The CD Still Has A Future as Vinyl Revenue Overtakes The CD For The First Time

The Future of the CD is safe even though Vinyl has overtaken the CD in revenue for the first time in 35 Years.
Although this is not surprising considering vinyl albums can cost three times the cost of a CD. However I thought it would be good to dig deep into the data.

In this video I look at the latest data and give my thoughts on what I feel the future is for the CD format and how it fits in with the Vinyl resurgence.
Music fans collect music not formats so the main take for me is that physical music is doing well.
I am also aware personally that I am buying a lot more vinyl myself than I used to.

The UK CD Market is still worth £124 Million per year (Vinyl was £150 million) and the numbers in this video to do reflect CD sales from every source, genre or demographic.

Overall, music sales – including physical, streaming and downloads – increased by 3% in 2022 to almost £2 billion (£1.987bn), their highest level since 2003 and nearly double the level of their low point in 2013.

According to ERA, vinyl album sales grew 11% to £150.5m, while CD album sales fell 17.4% to £124m, the first time vinyl outsold CD by value since 1987. The change had been predicted last year by ERA, but the scale of the gap in the first year they have swapped places is significant.

The rise in vinyl sales, now in its 15th year, may be partly explained by the loyalty of fans when presented with multiple editions by artists and their labels. But prices have been increasing, with new releases often above £30, which means a considerable outlay for an artist’s most committed followers.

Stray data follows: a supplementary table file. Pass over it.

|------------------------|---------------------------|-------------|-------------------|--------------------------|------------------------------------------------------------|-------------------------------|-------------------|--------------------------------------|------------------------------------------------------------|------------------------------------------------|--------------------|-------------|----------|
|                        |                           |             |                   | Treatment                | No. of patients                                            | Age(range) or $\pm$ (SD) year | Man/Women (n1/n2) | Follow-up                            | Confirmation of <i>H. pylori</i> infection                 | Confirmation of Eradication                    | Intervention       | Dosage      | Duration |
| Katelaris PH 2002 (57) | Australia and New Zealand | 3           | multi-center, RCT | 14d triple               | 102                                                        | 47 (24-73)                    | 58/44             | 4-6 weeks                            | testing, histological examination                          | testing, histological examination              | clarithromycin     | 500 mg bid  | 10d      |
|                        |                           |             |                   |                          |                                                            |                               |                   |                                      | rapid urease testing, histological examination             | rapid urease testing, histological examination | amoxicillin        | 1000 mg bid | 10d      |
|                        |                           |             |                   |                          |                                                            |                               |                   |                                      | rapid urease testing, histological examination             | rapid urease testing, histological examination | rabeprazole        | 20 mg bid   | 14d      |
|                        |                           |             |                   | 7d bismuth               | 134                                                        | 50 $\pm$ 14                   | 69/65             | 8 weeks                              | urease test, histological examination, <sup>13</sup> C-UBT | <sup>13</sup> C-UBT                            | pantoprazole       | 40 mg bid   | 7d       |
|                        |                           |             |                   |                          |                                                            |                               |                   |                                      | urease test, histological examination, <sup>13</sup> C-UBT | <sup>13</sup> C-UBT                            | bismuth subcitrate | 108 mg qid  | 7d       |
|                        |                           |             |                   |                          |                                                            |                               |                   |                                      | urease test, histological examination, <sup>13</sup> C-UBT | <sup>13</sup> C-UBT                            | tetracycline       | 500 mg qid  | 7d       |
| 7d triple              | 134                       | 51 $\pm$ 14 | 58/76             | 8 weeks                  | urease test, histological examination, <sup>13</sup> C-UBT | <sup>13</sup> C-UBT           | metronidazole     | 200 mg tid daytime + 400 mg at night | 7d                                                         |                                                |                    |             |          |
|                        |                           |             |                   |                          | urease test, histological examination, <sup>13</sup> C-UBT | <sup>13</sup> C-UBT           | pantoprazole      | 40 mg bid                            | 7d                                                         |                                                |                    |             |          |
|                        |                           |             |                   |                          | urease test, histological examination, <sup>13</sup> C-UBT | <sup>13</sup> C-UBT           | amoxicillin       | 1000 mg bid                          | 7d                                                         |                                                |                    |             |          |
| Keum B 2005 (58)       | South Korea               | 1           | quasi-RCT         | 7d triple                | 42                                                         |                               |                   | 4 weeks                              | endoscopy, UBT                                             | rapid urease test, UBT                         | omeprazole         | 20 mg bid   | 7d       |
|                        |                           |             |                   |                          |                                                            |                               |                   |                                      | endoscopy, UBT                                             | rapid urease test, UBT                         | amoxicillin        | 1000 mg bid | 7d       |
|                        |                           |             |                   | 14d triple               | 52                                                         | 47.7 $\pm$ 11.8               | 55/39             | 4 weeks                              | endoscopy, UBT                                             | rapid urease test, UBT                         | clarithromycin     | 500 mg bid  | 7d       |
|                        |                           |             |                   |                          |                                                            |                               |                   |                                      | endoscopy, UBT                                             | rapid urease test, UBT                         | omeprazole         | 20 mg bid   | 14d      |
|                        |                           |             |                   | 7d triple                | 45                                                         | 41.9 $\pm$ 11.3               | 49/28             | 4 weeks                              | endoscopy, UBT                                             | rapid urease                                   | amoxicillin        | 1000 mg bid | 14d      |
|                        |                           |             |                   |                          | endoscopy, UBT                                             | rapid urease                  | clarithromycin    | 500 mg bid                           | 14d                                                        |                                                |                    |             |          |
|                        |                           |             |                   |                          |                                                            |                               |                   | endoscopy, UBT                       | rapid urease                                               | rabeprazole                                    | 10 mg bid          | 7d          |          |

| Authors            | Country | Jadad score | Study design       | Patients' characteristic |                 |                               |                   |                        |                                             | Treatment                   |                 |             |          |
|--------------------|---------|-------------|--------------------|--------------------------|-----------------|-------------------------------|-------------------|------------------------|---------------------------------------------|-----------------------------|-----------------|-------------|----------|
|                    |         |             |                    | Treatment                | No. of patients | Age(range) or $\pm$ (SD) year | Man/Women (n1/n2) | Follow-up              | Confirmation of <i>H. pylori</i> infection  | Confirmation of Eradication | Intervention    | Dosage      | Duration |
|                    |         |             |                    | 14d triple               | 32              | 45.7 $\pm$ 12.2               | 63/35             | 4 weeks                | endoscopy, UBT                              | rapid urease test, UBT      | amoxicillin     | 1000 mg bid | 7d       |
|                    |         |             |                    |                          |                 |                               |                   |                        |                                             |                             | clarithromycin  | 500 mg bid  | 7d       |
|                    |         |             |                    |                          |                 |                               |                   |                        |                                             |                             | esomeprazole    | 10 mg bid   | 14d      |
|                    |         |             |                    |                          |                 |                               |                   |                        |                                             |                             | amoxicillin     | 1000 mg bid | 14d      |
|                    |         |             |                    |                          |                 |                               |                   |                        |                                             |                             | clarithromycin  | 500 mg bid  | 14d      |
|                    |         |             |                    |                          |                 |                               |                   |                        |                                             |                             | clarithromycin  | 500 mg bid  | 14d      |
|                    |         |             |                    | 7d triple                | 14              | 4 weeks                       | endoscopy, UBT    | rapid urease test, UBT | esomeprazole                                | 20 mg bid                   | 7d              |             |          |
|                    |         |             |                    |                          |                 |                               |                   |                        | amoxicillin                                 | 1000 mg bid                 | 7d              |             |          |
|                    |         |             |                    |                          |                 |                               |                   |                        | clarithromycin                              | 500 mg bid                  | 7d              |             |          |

“Clearly exclusivity is a successful sales driver, but if you push it too far you run the risk of resistance from fans. Achieving multiple sales of the same record to a relatively small number of fans clearly works from a revenue perspective, but we should be wary of going to the same well too many times. Kim Bayley
Entertainment Retailers Association (ERA


The long term viability of the CD is under scrutiny. The format declined at an accelerating rate last year with sales down 19.3% to 11.6 million units.

Yet CD sales still outperformed the LP release for the highest-ranked indie vinyl releases by Arctic Monkeys and Wet Leg. With 67,877 CDs sold of The Car in two months last year, Arctic Monkeys had the biggest-selling CD by an independent act in 2022.

Montello said the format can still be valuable for the independent sector.
“It’s a really interesting one, because it depends who you talk to in terms of how many CDs actually sell and where they sell,” she said.

“Obviously, the importance of CDs has declined for several years now in the UK, and for certain genres it’s next to zero. For other genres and for other demographics, it still has its place. What’s hit it has been the reduction of supermarkets and generalist stores stocking as many CDs over the last decade, for example.

“But there’s still a place for CD. For some independent labels, if they want to put out physical product and enjoy the margin that they can get from that, sometimes they are now putting out CDs or cassettes because they’re cheaper and quicker to manufacture than vinyl, and it still provides something physical and tangible that the fanbase can buy into. So it will still have its place.

“As with anything else, the consumers will be the ones that decide when a particular format has run its course. Just look at what happened to vinyl – I don’t think anybody 20 years ago would have imagined that it would come back like this. So, let’s see what the consumers and fans dictate going forward in terms of format.”

Music Week Jan 8th 2023

Phil Aston | Now Spinning Magazine

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